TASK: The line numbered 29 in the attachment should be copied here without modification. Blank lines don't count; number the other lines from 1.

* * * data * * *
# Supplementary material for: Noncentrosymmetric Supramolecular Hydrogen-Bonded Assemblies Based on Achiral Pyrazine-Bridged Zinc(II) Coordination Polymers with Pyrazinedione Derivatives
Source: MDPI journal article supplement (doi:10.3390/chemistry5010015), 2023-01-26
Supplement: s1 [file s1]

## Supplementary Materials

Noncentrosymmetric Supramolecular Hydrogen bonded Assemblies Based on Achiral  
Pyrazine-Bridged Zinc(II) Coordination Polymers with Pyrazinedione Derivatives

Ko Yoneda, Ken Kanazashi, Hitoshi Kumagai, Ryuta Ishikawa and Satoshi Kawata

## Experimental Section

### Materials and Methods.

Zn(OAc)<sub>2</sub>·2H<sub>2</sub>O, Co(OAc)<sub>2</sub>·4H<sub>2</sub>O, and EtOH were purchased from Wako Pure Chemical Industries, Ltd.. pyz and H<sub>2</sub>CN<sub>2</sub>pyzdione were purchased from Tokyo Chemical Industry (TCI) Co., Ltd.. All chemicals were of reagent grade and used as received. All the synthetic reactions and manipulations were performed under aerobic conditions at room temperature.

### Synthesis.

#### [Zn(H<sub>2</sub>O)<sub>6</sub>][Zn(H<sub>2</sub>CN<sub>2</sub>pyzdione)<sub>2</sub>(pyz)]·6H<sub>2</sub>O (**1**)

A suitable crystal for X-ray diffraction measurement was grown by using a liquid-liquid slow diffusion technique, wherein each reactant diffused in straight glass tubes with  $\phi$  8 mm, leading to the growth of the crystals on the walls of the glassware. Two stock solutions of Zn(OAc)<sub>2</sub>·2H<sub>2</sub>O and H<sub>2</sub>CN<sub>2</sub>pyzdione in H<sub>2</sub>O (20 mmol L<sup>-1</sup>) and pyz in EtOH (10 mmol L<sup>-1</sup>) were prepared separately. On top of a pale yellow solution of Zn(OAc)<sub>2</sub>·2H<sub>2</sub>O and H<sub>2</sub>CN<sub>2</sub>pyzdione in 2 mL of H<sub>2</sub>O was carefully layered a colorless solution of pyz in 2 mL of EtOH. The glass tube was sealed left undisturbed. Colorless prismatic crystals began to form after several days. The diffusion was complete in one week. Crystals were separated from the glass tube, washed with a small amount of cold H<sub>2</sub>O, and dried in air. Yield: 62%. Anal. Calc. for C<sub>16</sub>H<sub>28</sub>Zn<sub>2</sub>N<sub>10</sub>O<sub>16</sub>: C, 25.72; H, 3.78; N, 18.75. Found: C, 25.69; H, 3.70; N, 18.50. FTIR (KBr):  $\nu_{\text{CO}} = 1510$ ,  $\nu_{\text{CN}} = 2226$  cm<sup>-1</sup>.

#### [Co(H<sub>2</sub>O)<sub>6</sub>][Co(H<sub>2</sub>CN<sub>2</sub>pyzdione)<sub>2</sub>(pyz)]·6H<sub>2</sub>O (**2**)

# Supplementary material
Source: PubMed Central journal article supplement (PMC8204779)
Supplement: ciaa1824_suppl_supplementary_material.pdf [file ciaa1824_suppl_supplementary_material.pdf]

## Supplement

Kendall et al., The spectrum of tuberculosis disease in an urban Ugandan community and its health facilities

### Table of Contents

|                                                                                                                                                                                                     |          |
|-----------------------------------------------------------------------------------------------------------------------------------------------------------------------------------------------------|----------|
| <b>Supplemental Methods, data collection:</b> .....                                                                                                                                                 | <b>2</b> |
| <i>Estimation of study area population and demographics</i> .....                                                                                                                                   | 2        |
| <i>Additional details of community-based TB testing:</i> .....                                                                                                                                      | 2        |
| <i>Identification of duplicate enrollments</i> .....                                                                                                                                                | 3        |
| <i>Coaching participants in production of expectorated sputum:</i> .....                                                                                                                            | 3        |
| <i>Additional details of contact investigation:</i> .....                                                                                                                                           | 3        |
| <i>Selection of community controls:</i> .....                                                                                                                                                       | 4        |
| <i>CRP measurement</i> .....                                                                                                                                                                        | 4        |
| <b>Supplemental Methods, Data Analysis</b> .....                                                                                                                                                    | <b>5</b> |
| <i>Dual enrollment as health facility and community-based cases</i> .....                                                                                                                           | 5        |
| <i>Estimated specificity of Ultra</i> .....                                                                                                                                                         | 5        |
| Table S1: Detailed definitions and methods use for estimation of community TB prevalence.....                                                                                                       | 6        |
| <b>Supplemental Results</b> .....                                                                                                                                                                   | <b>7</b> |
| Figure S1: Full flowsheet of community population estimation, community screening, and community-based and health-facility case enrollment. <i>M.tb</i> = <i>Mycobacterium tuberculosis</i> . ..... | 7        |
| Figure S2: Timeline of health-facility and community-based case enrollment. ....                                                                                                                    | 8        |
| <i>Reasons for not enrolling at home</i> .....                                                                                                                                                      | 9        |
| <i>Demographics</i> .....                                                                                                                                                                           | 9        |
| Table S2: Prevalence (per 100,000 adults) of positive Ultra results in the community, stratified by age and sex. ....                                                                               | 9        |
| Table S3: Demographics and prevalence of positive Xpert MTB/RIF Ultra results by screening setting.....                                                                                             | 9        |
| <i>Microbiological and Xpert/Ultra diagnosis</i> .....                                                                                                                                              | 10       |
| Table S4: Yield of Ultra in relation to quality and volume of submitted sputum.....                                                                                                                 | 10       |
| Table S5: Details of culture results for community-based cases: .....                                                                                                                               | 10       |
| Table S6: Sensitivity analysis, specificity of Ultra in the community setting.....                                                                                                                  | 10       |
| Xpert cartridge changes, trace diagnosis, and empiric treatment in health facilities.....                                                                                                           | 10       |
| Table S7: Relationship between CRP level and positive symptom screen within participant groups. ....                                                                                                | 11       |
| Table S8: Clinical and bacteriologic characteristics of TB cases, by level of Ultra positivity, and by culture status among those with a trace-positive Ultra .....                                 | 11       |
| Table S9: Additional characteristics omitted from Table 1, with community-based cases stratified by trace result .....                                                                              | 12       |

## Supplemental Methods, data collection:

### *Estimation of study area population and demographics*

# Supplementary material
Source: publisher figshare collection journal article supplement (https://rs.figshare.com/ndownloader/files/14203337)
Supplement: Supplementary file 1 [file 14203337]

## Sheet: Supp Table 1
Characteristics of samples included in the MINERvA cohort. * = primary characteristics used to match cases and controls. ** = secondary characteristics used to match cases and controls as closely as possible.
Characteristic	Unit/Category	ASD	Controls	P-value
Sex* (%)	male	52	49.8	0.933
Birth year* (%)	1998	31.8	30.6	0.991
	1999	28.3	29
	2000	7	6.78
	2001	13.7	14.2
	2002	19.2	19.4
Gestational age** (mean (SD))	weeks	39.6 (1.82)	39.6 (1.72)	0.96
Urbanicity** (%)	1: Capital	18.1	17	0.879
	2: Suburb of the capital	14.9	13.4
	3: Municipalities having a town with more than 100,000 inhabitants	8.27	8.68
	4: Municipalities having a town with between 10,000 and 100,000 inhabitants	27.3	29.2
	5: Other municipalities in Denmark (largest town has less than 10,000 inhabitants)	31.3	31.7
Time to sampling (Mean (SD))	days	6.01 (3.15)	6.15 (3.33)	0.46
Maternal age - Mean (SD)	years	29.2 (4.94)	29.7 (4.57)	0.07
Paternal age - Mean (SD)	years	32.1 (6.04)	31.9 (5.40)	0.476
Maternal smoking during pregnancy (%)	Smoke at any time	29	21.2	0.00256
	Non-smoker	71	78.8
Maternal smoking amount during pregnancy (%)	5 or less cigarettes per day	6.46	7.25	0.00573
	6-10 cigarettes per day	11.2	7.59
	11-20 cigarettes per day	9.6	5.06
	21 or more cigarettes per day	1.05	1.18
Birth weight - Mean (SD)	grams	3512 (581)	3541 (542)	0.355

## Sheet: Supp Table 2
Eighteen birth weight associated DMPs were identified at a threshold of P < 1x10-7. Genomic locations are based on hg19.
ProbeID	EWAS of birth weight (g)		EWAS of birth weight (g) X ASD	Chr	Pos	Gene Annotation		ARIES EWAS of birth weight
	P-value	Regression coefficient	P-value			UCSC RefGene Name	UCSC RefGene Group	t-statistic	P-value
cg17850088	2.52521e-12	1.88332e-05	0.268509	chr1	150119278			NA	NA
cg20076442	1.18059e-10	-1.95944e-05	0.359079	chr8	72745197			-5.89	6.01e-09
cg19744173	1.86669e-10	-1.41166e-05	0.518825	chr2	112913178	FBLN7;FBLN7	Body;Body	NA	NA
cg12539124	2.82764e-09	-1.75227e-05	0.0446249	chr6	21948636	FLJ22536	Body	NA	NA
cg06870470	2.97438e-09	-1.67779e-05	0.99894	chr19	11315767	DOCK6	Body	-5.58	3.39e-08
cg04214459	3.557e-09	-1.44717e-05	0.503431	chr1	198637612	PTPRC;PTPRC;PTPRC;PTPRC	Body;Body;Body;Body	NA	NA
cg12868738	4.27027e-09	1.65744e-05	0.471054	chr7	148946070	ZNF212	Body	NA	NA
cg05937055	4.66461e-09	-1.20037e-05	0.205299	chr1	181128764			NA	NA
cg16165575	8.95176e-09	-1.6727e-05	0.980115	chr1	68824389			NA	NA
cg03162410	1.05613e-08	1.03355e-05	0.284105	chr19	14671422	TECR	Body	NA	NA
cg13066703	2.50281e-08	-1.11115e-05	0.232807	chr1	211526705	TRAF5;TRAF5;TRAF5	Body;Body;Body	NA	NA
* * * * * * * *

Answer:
| <i>Selection of community controls:</i> .....                                                                                                                                                       | 4        |